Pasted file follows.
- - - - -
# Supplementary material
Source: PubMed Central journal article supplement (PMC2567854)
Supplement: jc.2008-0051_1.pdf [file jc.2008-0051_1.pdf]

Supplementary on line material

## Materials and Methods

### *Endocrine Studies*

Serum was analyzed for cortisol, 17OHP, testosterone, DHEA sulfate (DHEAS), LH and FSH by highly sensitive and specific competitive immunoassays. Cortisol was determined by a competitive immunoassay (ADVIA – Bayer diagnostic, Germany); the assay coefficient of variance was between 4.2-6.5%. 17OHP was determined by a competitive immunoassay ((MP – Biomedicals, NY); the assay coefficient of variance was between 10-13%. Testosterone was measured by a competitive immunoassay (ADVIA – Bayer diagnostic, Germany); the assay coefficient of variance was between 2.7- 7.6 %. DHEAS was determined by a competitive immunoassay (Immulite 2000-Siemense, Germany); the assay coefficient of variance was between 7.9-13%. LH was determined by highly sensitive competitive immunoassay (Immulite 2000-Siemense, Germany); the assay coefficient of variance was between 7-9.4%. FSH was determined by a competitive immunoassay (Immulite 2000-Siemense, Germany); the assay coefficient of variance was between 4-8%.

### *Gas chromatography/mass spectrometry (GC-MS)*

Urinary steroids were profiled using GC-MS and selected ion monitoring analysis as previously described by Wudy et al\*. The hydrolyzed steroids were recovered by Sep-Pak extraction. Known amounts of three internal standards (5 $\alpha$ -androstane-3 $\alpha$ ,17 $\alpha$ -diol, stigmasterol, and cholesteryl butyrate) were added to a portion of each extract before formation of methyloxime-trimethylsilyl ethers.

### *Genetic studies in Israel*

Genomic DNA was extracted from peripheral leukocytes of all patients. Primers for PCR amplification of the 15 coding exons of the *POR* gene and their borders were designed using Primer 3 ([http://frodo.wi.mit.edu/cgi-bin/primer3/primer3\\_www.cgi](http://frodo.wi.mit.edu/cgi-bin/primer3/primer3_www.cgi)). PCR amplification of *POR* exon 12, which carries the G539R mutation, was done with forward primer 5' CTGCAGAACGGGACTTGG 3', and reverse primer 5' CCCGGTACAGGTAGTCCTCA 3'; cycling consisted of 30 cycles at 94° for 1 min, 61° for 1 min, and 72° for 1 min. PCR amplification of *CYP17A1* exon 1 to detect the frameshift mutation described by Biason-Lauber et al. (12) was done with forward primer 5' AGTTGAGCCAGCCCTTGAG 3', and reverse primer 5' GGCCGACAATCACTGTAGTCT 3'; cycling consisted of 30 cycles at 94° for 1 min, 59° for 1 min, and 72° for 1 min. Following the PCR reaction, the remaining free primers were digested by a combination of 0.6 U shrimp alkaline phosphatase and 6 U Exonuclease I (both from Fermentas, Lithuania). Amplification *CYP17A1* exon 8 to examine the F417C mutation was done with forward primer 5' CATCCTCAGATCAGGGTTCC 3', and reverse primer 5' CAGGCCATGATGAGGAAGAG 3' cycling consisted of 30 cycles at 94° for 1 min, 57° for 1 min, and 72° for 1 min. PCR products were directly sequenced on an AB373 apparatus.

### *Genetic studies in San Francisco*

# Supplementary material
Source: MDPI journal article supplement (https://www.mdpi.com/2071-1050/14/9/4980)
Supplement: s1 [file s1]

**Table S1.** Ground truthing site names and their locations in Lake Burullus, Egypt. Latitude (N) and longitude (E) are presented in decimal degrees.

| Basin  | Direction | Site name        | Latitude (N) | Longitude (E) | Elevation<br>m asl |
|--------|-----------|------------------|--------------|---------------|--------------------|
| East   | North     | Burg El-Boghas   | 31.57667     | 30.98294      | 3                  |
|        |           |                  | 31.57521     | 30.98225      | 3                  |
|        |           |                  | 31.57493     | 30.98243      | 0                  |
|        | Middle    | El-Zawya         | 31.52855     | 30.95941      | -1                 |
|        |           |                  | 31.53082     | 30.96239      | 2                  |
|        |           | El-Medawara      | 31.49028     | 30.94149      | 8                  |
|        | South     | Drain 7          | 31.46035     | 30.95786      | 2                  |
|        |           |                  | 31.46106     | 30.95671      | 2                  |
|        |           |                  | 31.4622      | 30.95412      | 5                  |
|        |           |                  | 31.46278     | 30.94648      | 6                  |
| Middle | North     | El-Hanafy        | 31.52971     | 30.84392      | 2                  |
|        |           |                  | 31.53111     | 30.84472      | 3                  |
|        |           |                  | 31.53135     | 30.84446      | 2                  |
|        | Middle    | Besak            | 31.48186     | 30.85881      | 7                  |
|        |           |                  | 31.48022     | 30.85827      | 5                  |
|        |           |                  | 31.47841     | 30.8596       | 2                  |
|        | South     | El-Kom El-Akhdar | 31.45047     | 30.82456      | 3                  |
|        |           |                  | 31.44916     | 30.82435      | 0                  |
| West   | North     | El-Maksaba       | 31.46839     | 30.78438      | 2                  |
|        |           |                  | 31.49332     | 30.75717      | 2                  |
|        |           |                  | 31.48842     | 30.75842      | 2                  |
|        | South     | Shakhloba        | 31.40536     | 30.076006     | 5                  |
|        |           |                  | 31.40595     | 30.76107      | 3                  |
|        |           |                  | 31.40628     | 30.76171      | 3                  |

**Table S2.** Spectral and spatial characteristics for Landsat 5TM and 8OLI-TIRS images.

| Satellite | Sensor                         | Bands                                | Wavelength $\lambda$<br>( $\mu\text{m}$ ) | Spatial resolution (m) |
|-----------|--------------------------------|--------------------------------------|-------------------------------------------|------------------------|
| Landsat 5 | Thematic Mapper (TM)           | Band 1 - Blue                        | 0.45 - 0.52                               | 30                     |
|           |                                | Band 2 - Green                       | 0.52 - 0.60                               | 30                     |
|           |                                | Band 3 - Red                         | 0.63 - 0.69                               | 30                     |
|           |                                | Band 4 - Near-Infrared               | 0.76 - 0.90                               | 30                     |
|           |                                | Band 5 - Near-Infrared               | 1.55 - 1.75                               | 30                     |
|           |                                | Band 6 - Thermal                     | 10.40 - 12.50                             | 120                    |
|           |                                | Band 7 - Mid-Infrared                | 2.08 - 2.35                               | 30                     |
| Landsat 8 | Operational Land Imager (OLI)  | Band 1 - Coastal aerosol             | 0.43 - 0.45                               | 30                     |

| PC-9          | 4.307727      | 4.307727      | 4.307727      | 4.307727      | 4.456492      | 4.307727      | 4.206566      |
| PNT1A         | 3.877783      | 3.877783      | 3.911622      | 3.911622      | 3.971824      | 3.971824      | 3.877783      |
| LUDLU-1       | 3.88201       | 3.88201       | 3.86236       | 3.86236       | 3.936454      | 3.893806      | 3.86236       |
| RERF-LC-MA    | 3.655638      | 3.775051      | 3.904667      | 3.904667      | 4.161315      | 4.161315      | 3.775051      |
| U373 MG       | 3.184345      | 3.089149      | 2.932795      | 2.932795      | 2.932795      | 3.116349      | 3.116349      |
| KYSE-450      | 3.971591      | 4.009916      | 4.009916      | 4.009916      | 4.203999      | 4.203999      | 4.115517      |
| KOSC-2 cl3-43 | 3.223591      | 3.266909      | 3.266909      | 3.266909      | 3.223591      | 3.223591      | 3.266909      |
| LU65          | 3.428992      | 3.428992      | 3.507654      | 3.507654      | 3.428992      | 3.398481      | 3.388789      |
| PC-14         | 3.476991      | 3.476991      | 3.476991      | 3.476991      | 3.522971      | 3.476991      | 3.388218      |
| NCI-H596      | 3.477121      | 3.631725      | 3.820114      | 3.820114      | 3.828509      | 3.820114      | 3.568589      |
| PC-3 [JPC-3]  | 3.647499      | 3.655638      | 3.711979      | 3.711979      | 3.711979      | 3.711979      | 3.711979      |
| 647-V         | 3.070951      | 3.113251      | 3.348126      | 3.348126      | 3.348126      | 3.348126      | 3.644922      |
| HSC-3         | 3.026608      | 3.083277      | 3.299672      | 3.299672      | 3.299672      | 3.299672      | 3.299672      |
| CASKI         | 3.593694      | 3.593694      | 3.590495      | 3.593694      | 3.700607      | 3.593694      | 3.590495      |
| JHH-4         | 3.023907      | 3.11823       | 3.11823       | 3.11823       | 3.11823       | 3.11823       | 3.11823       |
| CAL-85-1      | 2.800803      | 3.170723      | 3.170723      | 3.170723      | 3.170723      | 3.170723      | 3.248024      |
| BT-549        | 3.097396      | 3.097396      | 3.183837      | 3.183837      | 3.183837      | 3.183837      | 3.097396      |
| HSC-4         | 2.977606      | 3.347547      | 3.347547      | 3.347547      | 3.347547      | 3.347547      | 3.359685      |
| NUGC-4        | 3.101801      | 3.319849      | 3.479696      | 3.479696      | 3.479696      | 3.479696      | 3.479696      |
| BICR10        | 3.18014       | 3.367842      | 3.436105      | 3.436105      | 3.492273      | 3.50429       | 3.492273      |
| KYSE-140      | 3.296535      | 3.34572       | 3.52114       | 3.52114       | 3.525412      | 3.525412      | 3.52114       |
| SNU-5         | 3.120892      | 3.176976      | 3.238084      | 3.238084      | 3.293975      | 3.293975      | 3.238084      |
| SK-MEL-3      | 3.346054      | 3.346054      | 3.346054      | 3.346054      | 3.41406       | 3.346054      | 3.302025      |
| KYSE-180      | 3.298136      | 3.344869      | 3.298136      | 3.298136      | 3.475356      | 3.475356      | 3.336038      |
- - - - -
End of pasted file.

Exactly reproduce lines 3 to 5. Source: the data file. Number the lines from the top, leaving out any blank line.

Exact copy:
Supplement: jc.2008-0051_1.pdf [file jc.2008-0051_1.pdf]

Supplementary on line material

## Materials and Methods